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Siena score, a risk modelling study for carotid artery stenting

In recent years an increasing number of papers have dealt with stroke predictors in relation to anatomy, operator experience, lesion characteristics or patient status. To the best of our knowledge, the “Siena Carotid Artery Stenting Score: a risk modelling study for individual patients” (Setacci C et al. Stroke. 2010;41:1259-65.) is the first paper to deal collectively with all of the possible risk factors which can cause stroke following a carotid artery stenting procedure.

 

 

The concept of the study was in early 2000 when a programme of carotid artery stenting was started in the Vascular and Endovascular Surgery Unit, University of Siena, Italy. This study attempted to generate an objective scoring system to grade the risk of a neurological adverse event in the 30 days following carotid artery stenting.The scoring procedure was based on patient-related, lesion-related, procedure-related and operator-related variables and their association with the occurrence of stroke at 30 days post-stenting. To identify the carotid artery stenting patients most at risk, we assigned a simple numeral score (0; +0.5; +1; etc.) to all patients on the basis of statistical analysis of each of the abovementioned variables. When the total score for all of the variables was calculated, the carotid artery stenting procedure could be predicted as being at low risk for (minor, major or fatal) stroke (CAS I, stroke rate <1%); at moderate risk (CAS II, stroke rate 1–3%) or at high risk (CAS III; stroke rate >3%).All patients included underwent independent neurological evaluation before and after the procedure and at 30 days. More than 2,000 successful carotid artery stenting procedures were performed. The minor, major, and fatal stroke rates at 30 days were, respectively 1.55%, 1.18%, and 0.61%. Multiple regression analysis showed that the following significantly predicted the 30-day risk of treatment-related stroke: cardiac disease, symptomatic patient, diabetes, calcification or ulceration at the level of the lesion, native and ostial lesion, lesion length >15mm, the need for predilatation, type III arch, bovine arch, arch calcification, procedure time>30 minutes, and the operator’s experience of >50 carotid artery stenting procedures. The operator’s experience of >100 carotid stenting procedures was the only protective factor against the development of stroke at 30 days (odds ratio, 0.81; confidence interval, 0.67– 0.95) (table 1). How has the Siena Carotid Artery Stenting Score changed the routine practice of stenting in the department? Currently, the youngest vascular surgeons with limited experience of carotid artery stenting start with procedures considered as having lower risk for stroke (CAS I) under the guidance of an experienced vascular surgeon. This means that they begin with patients with few comorbidities (no diabetes or cardiac disease), easy common carotid engagement (arch type I), recurrent stenosis, and short lesions (<15mm) that are not calcified, ulcerated, ostial, or symptomatic. If the procedure is prolonged, then the senior vascular surgeon continues it. Complex cases are selected pre-operatively and are only assigned to experienced operators. Although the Siena Carotid Artery Stenting Risk Score seems to be a useful tool to help predict stroke after stenting, it needs to be validated in independent cohorts at a variety of centres before it can be recommended for application, preferably in a randomised comparison with carotid endarterectomy. Maybe this paper could be a starting point for a further multicentre, randomised controlled trial which could really be helpful for a much-discussed procedure, carotid artery stenting.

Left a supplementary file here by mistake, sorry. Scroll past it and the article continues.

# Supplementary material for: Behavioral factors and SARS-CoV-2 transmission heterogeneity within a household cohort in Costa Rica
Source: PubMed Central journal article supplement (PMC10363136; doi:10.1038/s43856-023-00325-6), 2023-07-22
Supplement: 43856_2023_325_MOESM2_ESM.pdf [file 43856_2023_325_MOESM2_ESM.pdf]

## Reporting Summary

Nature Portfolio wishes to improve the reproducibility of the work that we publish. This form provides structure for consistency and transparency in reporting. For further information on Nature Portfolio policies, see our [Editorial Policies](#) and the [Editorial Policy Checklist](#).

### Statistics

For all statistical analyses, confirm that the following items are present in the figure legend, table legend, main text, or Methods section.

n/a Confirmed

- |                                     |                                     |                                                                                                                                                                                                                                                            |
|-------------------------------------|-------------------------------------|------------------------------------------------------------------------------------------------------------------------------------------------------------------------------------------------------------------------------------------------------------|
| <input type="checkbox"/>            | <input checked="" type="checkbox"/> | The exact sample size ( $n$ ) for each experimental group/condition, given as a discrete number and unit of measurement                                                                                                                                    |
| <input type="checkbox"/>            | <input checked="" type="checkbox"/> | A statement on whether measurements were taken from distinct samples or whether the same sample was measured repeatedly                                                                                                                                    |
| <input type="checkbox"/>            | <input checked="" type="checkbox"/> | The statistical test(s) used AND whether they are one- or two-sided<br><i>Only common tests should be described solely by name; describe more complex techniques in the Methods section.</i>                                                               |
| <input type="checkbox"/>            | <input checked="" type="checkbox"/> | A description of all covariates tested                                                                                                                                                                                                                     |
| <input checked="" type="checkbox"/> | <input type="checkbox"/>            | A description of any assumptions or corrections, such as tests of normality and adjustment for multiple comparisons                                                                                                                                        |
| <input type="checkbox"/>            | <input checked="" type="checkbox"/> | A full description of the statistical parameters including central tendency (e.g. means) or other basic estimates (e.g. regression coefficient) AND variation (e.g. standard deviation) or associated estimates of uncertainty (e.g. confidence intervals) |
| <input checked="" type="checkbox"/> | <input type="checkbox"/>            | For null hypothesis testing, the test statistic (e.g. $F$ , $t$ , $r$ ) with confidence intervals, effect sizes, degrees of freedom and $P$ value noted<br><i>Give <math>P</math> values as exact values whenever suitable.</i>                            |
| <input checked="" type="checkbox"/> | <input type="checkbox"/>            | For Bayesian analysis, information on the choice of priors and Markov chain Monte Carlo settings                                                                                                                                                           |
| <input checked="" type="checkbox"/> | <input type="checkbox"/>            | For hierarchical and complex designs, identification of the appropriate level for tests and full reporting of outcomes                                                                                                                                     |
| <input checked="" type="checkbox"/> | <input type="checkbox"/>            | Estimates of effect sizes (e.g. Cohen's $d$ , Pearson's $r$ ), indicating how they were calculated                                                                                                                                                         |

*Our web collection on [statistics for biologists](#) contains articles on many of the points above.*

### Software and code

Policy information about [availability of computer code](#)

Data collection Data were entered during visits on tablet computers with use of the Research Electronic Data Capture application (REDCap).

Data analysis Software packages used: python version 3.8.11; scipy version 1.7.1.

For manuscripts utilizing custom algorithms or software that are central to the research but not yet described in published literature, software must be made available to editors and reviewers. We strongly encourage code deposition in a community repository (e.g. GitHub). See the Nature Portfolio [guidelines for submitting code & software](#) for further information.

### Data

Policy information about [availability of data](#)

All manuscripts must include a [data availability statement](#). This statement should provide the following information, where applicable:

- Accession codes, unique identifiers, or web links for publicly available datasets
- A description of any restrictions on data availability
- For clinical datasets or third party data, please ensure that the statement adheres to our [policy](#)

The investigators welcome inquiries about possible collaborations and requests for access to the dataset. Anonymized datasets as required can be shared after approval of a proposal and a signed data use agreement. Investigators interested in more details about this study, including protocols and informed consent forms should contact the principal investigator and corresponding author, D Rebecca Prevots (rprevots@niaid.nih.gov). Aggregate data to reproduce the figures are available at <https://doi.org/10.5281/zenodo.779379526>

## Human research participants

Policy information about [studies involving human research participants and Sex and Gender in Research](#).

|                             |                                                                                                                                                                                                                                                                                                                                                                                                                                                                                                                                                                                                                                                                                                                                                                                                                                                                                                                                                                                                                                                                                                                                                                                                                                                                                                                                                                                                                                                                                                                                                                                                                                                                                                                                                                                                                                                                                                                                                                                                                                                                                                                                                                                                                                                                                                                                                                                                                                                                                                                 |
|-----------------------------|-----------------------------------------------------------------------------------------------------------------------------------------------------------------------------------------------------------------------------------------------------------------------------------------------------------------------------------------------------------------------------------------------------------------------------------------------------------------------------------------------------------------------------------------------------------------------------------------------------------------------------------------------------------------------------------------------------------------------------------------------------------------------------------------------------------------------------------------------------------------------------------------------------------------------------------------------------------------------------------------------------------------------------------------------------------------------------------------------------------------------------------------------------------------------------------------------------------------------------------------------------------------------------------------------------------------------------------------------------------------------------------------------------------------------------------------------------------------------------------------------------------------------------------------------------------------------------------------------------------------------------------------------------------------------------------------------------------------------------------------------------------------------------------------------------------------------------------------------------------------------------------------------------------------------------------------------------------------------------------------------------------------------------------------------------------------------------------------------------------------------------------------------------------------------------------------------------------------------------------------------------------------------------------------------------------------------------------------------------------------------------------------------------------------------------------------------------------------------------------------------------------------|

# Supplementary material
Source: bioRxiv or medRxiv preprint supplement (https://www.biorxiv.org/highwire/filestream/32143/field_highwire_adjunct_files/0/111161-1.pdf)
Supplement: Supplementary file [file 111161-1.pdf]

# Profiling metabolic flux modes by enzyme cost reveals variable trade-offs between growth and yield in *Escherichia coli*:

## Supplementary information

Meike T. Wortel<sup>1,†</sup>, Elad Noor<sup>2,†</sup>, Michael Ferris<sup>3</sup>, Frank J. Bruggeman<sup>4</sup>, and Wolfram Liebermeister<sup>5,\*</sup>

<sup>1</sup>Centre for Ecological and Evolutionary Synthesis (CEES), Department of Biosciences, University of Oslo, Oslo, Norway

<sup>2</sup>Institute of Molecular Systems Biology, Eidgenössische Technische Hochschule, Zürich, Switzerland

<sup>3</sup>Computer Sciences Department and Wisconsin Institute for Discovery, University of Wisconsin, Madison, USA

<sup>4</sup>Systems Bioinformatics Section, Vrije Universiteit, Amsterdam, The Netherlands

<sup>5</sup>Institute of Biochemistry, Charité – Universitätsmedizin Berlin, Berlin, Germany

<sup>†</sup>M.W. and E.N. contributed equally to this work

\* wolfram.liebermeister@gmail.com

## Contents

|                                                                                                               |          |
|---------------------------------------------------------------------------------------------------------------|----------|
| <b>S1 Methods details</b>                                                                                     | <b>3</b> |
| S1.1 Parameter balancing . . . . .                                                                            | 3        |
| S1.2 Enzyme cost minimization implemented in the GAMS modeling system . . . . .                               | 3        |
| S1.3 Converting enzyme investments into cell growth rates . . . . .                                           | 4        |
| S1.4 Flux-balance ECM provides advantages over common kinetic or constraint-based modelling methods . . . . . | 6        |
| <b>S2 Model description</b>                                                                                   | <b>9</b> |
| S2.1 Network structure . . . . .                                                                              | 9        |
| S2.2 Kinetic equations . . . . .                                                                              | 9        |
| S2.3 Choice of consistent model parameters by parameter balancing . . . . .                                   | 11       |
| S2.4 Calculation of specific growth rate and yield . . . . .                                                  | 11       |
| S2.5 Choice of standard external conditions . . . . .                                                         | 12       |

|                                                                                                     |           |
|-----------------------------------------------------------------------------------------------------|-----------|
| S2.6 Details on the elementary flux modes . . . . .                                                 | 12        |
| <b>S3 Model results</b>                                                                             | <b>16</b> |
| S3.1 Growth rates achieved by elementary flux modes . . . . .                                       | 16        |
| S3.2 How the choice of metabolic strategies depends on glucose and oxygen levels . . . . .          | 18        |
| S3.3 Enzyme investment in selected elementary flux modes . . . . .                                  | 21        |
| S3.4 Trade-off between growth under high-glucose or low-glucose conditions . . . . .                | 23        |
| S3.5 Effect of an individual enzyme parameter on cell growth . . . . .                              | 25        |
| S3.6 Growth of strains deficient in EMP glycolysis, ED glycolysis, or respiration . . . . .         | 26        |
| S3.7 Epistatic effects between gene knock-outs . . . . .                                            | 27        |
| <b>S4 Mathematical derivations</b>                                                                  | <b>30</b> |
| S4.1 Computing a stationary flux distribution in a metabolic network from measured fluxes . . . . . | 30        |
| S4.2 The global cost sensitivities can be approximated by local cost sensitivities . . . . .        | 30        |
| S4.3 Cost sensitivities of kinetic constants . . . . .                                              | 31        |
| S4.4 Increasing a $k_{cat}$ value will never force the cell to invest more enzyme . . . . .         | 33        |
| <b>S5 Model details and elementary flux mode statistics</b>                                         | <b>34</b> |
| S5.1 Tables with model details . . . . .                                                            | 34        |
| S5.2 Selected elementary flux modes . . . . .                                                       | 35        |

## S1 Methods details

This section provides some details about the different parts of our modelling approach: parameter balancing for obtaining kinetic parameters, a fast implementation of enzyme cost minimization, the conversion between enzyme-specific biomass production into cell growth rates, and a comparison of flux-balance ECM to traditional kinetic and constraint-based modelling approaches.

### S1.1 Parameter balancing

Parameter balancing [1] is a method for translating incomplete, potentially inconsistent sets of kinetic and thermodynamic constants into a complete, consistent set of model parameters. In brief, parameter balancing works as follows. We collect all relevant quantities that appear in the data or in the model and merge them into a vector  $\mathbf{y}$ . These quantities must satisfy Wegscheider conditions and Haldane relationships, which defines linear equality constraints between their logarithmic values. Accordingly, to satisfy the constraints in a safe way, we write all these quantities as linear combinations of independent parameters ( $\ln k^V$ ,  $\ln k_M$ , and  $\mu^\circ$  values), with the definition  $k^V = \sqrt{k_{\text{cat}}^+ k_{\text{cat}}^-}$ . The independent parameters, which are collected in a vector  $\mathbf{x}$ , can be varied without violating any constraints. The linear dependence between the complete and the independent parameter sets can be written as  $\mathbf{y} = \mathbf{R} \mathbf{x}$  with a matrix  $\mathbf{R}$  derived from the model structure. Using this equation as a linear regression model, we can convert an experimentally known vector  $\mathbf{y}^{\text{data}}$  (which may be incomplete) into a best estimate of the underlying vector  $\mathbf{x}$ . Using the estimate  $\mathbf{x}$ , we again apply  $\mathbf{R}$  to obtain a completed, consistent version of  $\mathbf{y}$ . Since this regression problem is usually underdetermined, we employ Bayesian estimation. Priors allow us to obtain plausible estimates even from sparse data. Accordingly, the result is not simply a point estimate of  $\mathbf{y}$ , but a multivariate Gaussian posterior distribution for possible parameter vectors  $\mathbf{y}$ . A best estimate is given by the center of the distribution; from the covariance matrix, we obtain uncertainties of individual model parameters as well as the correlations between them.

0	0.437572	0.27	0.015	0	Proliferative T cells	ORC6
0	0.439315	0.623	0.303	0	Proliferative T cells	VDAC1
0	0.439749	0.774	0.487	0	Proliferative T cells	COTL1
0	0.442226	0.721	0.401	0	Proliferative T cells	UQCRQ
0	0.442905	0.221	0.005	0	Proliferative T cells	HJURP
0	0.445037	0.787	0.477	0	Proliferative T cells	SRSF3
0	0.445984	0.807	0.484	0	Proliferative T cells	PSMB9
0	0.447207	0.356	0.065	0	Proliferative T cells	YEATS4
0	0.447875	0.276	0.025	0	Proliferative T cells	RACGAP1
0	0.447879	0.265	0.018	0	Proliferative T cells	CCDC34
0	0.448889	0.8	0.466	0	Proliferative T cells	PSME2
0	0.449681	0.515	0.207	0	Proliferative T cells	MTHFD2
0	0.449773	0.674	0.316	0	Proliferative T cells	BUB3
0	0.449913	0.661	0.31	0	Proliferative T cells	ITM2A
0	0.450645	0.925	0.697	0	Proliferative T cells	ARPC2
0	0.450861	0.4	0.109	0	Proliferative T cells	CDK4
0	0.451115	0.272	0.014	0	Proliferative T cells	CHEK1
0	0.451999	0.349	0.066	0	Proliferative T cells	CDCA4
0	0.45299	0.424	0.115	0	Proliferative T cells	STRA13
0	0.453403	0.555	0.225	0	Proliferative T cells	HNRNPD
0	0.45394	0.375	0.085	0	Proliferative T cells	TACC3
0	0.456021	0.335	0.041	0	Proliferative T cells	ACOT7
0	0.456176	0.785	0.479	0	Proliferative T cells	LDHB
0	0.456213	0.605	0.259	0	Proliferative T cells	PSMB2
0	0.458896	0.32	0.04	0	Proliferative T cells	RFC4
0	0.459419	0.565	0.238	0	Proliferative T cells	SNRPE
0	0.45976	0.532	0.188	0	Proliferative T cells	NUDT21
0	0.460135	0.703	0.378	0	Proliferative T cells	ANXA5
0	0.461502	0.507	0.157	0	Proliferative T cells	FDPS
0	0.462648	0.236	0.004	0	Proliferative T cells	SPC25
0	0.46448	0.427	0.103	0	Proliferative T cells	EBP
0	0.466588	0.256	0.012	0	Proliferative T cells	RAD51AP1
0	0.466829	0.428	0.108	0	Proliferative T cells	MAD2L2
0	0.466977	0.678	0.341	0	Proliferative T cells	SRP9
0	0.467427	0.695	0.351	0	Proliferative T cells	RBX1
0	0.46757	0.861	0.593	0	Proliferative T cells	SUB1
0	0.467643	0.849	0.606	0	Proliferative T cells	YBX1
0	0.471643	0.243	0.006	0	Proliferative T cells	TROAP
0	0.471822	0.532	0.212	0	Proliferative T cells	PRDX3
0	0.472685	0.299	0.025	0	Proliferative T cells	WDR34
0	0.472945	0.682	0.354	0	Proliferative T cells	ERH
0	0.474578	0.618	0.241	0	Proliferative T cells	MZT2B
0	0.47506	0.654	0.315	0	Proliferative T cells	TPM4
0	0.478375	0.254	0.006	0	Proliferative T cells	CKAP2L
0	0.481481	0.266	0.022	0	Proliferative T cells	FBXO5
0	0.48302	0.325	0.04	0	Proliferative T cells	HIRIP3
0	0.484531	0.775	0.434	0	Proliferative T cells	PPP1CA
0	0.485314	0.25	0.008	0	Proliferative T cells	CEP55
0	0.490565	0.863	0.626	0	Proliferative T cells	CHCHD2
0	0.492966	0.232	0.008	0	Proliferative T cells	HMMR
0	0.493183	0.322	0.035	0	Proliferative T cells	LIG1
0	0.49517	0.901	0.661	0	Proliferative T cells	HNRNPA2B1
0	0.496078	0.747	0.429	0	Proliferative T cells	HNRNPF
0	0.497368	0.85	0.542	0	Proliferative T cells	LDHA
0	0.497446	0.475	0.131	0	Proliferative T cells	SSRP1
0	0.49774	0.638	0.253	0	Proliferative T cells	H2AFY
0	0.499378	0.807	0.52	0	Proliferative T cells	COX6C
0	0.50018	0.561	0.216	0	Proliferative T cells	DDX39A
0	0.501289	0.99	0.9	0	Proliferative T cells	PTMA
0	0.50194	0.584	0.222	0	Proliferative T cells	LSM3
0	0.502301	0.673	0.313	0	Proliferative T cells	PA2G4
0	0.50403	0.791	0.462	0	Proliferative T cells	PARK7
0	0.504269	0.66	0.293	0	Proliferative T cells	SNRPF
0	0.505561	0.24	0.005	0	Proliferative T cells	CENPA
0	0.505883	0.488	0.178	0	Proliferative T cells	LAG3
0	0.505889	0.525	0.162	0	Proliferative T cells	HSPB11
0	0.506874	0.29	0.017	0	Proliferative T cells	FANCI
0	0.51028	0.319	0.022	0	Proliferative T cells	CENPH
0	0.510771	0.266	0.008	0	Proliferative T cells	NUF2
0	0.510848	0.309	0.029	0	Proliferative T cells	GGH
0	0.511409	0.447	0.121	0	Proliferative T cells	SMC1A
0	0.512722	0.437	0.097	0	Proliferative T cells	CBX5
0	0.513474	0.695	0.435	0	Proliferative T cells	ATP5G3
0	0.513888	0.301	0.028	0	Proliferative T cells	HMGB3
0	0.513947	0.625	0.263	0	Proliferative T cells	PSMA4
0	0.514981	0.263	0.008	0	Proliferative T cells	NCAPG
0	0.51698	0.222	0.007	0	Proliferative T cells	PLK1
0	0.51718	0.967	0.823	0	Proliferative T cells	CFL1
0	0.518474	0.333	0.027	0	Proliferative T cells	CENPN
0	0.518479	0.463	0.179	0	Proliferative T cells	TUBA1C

BlankArticle written by professor Carlo Setacci, Vascular and Endovascular Surgery Unit, University of Siena, Siena, Italy.